- Benefits - (1) better alignment of externally reported information with information management uses for decision making, (2) a broader information set, (3) improved transparency, (4) enhanced risk management, (5) higher levels of trust with key stakeholders, (6) harmonisation of reporting approaches, and (7) lower cost of, and better access to, capital because of improved disclosure
- Challenges - (1) the variety of existing local regulations across jurisdictions, (2) inconsistent fiduciary duties of directors across jurisdictions, (3) concerns about directors' liability if the reports are to include greater focus on the future, and (4) knowledge building and experience essential to long-term success.
Achieving a balance between the apparent benefits and the considerable challenges is a daunting task to undertake, particularly when any potential solution needs to provide for the differing needs of the various stakeholder groups. The Bodies who have produced the DP are now looking towards the creation of a framework as the foundation of an integrated corporate reporting model in the future. This is a major undertaking which will need to be championed by stakeholders, and their representative bodies, at all levels and driven forward. Will the overall benefits of greatly enhanced transparency and comparability, with all the consequent benefits, be sufficient to gather the momentum needed to achieve the ultimate objective?
A Sustainable Environment
The GRI drives sustainability reporting by all organisations. Its Sustainability Reporting Framework is widely used around the world to enable greater organisational transparency. The Framework, including the Reporting Guidelines, sets out the principles and indicators organisations can use to report their economic, environmental and social performance. GRI's overall mission is to make sustainability reporting standard practice, and it is committed to continuously improving and increasing the use of the Guidelines with a fourth generation framework currently in development.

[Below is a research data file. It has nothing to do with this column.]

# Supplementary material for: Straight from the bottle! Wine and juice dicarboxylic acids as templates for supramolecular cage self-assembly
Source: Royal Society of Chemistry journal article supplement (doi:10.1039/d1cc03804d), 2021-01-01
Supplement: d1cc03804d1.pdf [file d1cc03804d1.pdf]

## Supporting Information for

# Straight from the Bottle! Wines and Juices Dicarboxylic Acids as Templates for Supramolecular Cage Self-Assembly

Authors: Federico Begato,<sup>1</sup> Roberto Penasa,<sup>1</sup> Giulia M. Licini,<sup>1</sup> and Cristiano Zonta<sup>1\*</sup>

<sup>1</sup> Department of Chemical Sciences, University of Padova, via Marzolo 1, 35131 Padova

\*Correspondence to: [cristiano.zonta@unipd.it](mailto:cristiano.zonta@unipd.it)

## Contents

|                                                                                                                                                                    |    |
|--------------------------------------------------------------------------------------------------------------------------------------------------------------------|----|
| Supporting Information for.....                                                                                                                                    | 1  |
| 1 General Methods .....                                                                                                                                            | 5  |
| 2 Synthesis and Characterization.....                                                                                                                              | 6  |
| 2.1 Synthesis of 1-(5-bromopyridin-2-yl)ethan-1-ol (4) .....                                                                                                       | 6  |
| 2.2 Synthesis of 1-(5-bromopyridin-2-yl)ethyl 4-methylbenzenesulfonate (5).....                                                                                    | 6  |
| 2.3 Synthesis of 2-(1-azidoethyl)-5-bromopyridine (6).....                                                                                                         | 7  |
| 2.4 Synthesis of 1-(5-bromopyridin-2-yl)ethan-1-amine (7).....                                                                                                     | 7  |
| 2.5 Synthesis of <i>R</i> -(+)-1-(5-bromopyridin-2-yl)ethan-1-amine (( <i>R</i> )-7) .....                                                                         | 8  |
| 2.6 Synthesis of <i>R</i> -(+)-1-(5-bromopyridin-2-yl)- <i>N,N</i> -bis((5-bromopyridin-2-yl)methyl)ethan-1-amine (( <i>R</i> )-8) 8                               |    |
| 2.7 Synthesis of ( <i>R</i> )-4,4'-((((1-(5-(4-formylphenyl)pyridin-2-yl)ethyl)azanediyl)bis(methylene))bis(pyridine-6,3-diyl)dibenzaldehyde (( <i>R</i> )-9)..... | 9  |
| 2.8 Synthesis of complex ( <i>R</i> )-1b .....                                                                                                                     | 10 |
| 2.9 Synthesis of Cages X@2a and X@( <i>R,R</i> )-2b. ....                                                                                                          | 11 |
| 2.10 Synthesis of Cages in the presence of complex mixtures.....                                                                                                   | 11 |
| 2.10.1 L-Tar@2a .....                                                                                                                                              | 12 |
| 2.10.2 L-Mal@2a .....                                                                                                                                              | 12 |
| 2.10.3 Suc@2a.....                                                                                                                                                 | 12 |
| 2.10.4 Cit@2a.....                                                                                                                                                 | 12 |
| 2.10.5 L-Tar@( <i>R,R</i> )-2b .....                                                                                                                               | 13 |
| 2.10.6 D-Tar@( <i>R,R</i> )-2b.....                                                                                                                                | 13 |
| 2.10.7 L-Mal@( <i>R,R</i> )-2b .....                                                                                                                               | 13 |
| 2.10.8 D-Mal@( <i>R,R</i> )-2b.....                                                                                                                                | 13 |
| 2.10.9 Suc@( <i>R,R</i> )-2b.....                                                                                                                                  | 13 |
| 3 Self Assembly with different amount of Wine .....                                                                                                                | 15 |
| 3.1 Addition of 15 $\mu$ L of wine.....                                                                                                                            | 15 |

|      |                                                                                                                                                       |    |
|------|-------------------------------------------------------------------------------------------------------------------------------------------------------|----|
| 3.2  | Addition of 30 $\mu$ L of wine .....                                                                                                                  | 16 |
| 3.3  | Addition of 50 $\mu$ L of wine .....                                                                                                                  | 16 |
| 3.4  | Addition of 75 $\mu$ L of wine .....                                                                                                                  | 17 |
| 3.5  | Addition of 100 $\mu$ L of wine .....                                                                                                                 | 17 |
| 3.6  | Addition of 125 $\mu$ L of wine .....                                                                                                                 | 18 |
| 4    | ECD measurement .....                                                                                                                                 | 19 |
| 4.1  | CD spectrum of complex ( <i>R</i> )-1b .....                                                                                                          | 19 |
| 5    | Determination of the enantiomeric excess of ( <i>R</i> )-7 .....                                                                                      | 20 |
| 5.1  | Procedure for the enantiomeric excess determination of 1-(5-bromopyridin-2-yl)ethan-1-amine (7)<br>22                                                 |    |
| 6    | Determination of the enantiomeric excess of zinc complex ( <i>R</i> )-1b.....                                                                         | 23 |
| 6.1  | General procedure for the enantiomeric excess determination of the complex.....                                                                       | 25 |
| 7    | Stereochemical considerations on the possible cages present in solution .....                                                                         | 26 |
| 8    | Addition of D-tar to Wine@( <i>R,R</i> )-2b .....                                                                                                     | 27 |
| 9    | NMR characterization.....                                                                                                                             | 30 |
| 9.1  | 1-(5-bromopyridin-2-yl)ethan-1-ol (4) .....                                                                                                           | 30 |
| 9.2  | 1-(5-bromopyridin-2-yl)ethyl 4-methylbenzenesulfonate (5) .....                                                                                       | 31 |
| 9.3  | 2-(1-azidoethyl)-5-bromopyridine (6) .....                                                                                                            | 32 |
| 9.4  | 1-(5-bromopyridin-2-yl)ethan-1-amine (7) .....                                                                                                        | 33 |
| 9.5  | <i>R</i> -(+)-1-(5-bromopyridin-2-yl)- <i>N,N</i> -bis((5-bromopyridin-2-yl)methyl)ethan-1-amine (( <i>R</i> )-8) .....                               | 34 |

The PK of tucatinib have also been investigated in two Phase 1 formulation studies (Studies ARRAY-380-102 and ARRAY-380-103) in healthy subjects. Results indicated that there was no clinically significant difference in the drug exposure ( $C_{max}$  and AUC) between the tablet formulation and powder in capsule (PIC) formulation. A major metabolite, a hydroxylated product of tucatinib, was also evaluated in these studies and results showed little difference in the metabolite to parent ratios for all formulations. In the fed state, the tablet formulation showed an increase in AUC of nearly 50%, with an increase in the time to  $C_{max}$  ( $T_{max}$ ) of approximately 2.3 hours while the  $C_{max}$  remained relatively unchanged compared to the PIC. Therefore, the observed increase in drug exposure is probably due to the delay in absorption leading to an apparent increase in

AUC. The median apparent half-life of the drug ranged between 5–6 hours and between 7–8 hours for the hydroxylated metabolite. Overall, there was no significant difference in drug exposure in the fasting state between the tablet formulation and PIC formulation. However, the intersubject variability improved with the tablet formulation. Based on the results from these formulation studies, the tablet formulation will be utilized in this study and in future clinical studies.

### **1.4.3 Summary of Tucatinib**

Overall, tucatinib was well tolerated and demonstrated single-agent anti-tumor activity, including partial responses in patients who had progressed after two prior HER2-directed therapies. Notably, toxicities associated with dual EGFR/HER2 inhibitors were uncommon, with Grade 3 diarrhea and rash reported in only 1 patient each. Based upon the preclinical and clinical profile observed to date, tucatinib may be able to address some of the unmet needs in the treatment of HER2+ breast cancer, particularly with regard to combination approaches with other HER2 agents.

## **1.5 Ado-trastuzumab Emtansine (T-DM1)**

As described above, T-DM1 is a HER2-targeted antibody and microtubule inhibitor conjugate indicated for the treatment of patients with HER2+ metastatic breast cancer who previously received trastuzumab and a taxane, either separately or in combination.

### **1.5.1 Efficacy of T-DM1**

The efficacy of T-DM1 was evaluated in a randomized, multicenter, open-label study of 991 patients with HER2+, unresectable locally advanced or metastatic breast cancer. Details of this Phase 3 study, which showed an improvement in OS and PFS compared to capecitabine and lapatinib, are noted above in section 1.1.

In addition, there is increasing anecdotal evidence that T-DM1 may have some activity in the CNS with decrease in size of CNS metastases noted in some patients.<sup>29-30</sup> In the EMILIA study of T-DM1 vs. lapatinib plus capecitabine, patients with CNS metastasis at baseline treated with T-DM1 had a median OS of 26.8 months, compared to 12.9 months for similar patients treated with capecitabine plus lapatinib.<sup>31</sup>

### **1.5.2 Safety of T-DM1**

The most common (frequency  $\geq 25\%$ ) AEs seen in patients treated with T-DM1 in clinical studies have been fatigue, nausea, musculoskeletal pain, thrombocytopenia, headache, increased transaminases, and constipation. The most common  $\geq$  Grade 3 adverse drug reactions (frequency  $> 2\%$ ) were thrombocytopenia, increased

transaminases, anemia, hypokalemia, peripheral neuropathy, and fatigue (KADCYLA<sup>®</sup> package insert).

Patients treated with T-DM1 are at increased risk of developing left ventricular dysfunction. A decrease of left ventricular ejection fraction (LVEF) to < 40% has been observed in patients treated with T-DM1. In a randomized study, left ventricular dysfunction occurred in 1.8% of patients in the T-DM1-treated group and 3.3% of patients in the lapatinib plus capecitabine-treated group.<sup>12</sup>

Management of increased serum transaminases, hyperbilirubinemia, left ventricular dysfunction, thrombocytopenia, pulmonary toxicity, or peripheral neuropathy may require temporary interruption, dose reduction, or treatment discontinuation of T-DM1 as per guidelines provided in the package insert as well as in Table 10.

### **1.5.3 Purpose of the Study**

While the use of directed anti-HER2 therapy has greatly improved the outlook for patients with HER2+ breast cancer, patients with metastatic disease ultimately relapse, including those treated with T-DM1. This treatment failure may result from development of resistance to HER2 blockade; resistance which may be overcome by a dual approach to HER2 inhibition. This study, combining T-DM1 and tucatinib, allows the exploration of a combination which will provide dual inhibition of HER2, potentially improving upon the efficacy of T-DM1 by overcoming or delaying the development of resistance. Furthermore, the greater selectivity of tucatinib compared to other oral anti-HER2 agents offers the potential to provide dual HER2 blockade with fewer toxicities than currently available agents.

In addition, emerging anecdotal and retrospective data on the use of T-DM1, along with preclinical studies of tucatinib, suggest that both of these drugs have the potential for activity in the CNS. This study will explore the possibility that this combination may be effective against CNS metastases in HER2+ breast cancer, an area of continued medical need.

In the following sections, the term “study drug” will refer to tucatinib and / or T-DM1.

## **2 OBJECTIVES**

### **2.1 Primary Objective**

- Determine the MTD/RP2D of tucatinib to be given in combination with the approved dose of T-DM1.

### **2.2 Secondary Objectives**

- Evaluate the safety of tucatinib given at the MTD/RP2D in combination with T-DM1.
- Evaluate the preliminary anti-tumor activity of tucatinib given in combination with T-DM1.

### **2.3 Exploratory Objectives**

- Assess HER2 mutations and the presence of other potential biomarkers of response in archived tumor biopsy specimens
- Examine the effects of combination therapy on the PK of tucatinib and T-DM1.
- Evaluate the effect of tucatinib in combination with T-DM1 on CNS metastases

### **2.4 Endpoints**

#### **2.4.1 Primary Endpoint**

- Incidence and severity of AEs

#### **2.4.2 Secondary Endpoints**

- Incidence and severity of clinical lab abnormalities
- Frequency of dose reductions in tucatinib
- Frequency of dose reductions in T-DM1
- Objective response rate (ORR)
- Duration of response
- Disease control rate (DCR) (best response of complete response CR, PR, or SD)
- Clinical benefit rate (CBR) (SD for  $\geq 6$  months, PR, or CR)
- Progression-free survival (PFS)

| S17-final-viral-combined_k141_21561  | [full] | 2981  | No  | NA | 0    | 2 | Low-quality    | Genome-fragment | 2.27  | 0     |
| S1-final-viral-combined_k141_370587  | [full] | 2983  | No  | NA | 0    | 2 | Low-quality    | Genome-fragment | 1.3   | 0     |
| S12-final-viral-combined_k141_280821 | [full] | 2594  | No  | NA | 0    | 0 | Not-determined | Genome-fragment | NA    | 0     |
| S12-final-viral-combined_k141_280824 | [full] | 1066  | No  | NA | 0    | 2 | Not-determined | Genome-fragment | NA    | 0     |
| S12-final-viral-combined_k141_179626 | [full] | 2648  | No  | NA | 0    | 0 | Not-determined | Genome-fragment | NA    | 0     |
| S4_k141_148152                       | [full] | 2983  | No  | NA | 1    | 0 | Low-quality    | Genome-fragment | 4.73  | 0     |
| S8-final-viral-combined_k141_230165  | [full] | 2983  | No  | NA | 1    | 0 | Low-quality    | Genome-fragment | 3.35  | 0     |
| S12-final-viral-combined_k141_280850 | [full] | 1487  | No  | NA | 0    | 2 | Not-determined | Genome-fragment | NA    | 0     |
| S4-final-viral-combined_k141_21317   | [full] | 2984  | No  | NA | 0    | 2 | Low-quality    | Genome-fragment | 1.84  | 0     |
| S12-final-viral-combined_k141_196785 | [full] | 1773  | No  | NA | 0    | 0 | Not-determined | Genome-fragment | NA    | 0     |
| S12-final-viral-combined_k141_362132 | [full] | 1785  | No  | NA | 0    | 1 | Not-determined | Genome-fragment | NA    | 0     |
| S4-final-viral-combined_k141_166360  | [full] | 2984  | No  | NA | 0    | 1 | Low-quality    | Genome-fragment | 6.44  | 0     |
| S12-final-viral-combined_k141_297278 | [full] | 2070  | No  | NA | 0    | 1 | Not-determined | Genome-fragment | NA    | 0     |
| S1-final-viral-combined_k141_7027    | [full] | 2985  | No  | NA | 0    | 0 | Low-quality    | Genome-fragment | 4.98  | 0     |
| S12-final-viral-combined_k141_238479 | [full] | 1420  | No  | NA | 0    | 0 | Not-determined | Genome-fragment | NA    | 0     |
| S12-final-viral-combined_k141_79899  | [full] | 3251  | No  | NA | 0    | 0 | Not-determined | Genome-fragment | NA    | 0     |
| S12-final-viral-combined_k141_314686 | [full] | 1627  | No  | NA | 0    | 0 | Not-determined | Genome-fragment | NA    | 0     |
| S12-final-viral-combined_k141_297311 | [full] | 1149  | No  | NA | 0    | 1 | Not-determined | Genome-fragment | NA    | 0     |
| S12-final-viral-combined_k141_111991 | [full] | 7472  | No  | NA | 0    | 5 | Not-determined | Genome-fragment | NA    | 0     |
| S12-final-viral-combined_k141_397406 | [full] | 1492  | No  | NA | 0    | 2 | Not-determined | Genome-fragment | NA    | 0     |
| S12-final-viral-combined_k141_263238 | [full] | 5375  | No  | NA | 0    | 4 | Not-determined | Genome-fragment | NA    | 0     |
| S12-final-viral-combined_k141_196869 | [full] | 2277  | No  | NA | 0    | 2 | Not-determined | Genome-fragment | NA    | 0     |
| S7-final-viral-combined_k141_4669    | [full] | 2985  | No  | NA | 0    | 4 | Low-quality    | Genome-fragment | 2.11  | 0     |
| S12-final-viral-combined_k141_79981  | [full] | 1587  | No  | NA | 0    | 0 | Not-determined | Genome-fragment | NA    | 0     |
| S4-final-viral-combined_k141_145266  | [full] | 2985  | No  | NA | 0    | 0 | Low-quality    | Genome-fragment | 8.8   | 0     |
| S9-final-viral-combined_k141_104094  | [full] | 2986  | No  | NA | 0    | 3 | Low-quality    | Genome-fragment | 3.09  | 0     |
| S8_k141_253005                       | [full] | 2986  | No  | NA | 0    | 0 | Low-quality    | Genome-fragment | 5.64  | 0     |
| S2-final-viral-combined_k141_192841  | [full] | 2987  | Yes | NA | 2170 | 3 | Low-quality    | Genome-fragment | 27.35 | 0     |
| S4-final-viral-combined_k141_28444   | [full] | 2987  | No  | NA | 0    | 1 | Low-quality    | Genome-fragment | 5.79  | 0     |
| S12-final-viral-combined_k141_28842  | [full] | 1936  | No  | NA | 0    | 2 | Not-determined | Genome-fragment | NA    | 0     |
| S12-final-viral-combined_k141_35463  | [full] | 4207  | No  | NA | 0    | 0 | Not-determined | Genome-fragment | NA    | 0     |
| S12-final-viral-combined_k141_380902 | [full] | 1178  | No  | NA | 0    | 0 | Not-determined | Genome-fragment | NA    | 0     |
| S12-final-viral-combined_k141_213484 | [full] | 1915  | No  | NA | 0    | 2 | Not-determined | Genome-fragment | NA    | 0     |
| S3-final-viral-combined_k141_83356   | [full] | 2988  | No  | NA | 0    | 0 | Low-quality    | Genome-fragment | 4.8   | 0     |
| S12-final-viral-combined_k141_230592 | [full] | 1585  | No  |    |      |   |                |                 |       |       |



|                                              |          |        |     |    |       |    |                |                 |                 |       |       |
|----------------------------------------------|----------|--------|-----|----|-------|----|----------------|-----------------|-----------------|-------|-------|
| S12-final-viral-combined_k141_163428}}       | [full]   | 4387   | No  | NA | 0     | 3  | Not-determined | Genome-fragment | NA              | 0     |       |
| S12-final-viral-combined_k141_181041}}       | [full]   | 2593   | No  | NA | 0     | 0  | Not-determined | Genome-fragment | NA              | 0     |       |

The GRI are currently seeking comment on their proposals in the fourth generation of the sustainability reporting framework, on issues including:
- the principal reasons for sustainability reporting
- report formats
- the minimum content of a GRI sustainability report
- report topics - including views on the proposals from the public 'Call for sustainability reporting topics' in May
- general experiences with sustainability reporting
Despite best efforts, standardisation of sustainability reporting remains elusive. With more than 77,000 multinational corporations around the world, only a fraction produce sustainability reports with fewer than 2,000 reports using the GRI Guidelines registered in 2010. However, there is a growth in numbers on an annual basis over recent years and this is encouraging in a world where many companies are under increasing financial and resource pressure.
The reverberations of the global economic and financial crisis, the increasing rigour of the approach being taken by policy-makers and regulators, and the substantial movement towards new and substantially revised financial reporting standards all add to the challenges confronting organisations.
The call for 'joined-up' thinking and reporting gets louder and forward-thinking organisations are putting integrated reporting on their agendas now. Being ahead of the curve gives them a clear advantage in the market place and organisations that report on the full spectrum of issues may be seen as more advanced than those that restrict their corporate reporting to traditional financial information.
Integrated reporting has the potential to favourably sway investors, influence customers and attract partners. Deploying and organising the resources to meet the challenge of this forward-looking approach may yield substantial benefit.